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Why don't ANSI C compilers flag the use of a string literal argument in a function call in which the correponding parameter does not have a const qualifier? For example, the following code could generate an exception by trying to write to read only memory.

void somefunc(char buffer[10]);

void somefunc(char buffer[10]) {
    int i;

    for (i = 0;   i < 10;   i++)
       buffer[i] = 0;
}

int main(int argc, char **argv) {

    somefunc("Literal");
    return 0;
}

This situation could be identified at compile time but VS2010 and gcc don't appear to do so. Calling somefunc with a const char* argument will generate a compiler warning.

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Good question - gcc doesn't catch this either, even with -Wextra. –  Paul R Jul 21 '10 at 20:21
    
What's the point of declaring a function, then defining it the next line? :) –  GManNickG Jul 21 '10 at 20:27
    
Hans: I've modified the question to specify ANSI C. Anyway, I wasn't suggesting a compiler error be issued. A level 3 or 4 warning would simply highlight a potentially dangerous situation. –  Robin Jul 21 '10 at 20:35
    
Just a side-note: The arguments of main are inverted, the correct signature is int main(int argc, char *argv[]). –  lunaryorn Jul 21 '10 at 20:44
    
Just to clarify - my question is not "why are string literals not treated as const char*?" but "why don't we get a compiler warning when calling somefunc() with a string literal argument?" As lunaryorn points out the function signature provides the compiler with enough info to issue this warning. –  Robin Jul 21 '10 at 22:37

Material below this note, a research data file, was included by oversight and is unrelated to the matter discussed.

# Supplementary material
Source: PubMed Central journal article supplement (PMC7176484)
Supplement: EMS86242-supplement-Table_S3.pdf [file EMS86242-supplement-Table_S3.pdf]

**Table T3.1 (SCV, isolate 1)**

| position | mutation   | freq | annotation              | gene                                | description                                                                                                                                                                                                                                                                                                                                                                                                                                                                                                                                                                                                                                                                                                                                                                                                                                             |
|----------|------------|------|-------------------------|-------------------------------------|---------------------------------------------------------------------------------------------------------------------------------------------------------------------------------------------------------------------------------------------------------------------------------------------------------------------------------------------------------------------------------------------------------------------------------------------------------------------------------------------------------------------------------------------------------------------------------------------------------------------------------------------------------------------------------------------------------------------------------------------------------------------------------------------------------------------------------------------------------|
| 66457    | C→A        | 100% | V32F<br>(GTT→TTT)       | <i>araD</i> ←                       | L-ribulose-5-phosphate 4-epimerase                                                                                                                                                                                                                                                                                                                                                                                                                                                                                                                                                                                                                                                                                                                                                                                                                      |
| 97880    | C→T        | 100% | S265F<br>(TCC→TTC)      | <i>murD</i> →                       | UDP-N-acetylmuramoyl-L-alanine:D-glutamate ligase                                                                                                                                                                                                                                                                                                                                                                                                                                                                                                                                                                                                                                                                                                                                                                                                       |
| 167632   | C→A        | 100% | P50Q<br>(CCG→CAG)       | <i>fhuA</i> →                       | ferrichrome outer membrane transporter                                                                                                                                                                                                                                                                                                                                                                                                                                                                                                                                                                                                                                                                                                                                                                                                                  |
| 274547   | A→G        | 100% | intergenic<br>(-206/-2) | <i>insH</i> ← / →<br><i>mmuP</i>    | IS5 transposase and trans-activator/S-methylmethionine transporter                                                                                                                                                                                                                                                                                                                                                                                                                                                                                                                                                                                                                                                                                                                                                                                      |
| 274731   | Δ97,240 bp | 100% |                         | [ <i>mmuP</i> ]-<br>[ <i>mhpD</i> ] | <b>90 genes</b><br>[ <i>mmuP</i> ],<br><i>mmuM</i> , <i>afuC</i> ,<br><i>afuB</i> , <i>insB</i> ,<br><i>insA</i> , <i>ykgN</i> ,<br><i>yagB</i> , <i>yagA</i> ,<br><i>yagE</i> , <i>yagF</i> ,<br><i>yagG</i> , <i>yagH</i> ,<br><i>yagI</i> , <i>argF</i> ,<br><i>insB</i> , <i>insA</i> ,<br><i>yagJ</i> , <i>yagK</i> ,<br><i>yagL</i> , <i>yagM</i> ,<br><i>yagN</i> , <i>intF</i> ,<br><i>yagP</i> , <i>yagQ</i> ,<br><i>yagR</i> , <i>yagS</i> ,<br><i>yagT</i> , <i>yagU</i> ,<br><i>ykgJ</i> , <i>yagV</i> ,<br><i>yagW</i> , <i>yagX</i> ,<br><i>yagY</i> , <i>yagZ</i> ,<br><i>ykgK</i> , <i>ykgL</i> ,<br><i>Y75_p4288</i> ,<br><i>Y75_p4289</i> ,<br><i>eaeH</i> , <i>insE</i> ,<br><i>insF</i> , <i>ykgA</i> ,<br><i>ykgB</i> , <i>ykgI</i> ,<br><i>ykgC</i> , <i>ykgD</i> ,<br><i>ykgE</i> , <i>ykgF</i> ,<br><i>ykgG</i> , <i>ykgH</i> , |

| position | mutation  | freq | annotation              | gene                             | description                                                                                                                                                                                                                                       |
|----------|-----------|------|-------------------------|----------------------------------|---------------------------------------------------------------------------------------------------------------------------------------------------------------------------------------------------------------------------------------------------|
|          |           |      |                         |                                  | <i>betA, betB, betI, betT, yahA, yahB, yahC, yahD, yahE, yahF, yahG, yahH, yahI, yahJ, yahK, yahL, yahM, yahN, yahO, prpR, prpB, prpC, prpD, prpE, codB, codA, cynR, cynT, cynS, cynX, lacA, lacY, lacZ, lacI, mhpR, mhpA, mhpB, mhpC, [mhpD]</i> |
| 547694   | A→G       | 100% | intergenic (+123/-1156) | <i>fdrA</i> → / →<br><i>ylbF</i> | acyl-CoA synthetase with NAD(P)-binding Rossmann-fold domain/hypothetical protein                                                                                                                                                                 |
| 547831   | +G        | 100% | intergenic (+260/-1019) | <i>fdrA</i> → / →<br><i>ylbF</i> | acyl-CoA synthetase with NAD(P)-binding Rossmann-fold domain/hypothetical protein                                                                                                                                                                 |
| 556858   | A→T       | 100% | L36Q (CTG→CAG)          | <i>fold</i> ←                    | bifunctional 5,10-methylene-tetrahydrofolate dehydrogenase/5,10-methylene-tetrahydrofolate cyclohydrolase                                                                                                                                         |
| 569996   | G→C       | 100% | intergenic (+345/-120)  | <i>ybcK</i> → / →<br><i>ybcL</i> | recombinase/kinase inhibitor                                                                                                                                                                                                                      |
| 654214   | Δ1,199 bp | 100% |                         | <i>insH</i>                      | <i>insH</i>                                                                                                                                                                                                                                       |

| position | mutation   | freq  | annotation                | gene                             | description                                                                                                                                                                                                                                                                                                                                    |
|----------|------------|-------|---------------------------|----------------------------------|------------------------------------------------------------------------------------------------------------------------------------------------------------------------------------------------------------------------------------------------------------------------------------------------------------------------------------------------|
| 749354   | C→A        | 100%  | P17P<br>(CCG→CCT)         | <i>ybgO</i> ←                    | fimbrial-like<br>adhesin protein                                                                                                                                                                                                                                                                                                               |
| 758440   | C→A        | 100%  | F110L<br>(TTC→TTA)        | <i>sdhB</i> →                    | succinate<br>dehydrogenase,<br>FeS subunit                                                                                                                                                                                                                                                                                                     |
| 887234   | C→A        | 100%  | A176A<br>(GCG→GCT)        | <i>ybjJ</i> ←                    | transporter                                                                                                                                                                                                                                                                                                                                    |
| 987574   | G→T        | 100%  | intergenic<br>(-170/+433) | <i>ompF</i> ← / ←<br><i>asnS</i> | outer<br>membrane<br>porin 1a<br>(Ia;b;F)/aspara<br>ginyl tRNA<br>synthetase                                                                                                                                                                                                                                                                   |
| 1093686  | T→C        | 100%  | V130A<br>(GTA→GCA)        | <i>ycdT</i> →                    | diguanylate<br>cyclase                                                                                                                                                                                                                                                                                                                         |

5 Answers 5

up vote 10 down vote accepted

gcc: Use the flag -Wwrite-strings

PS. gcc manual explains why this isn't part of -Wall. Anyway, as always, you should find a combination of -W flags that suits your particular needs and coding style. For example, in a recent project I have used something like this: -Werror -Wall -Wextra -Wformat=2 -Winit-self -Wswitch-enum -Wstrict-aliasing=2 -Wundef -Wshadow -Wpointer-arith -Wbad-function-cast -Wcast-qual -Wcast-align -Wwrite-strings -Wstrict-prototypes -Wold-style-definition -Wmissing-prototypes -Wmissing-declarations -Wredundant-decls -Wnested-externs -Winline -Wdisabled-optimization -Wunused-macros -Wno-unused

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It is a K&R legacy. Fixing it would break a million programs.

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What Hans Passant said. const was added as part of the ANSI standard on 1989, so anything from before that didn't have const.

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1  
@Georg: I mean the const keyword was added in ANSI C, so it was already too late to retrofit string literals with constness. –  ninjalj Jul 21 '10 at 20:30
    
Ah, now i get you :) –  Georg Fritzsche Jul 21 '10 at 20:39

string literals are not const in C; in C++ they are.

edit: to clear up any confusion about my comment, I am referring to the type, not the ability to actually change them.

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1  
What makes you think that ? –  Paul R Jul 21 '10 at 20:24
2  
@Paul, he's correct. C99 §6.4.5/5: "For character string literals, the array elements have type char" It is undefined to modify a string literal, but the element type is char, not const char. –  Matthew Flaschen Jul 21 '10 at 22:59
    
@Matthew: thanks for the clarification - I was interpreting "const" to mean "read-only" (which of course string literals usually are in C or C++) but I see what you mean about the actual type of the string literal now. –  Paul R Jul 22 '10 at 7:08

The GNU compiler (and the Intel C compiler as well, iirc) will emit a warning, if -Wwrite-string is used:

$ gcc -Wall -Wwrite-strings -o foo /tmp/foo.c
/tmp/foo.c: In function 'main':
/tmp/foo.c:12: warning: passing argument 1 of 'somefunc' discards qualifiers from pointer target type
/tmp/foo.c:3: note: expected 'char *' but argument is of type 'const char *'

Concerning VS2010, I can't help you.

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1  
Cool - I wonder why -Wwrite-strings isn't included in -Wall or even -Wextra though ? –  Paul R Jul 22 '10 at 7:09

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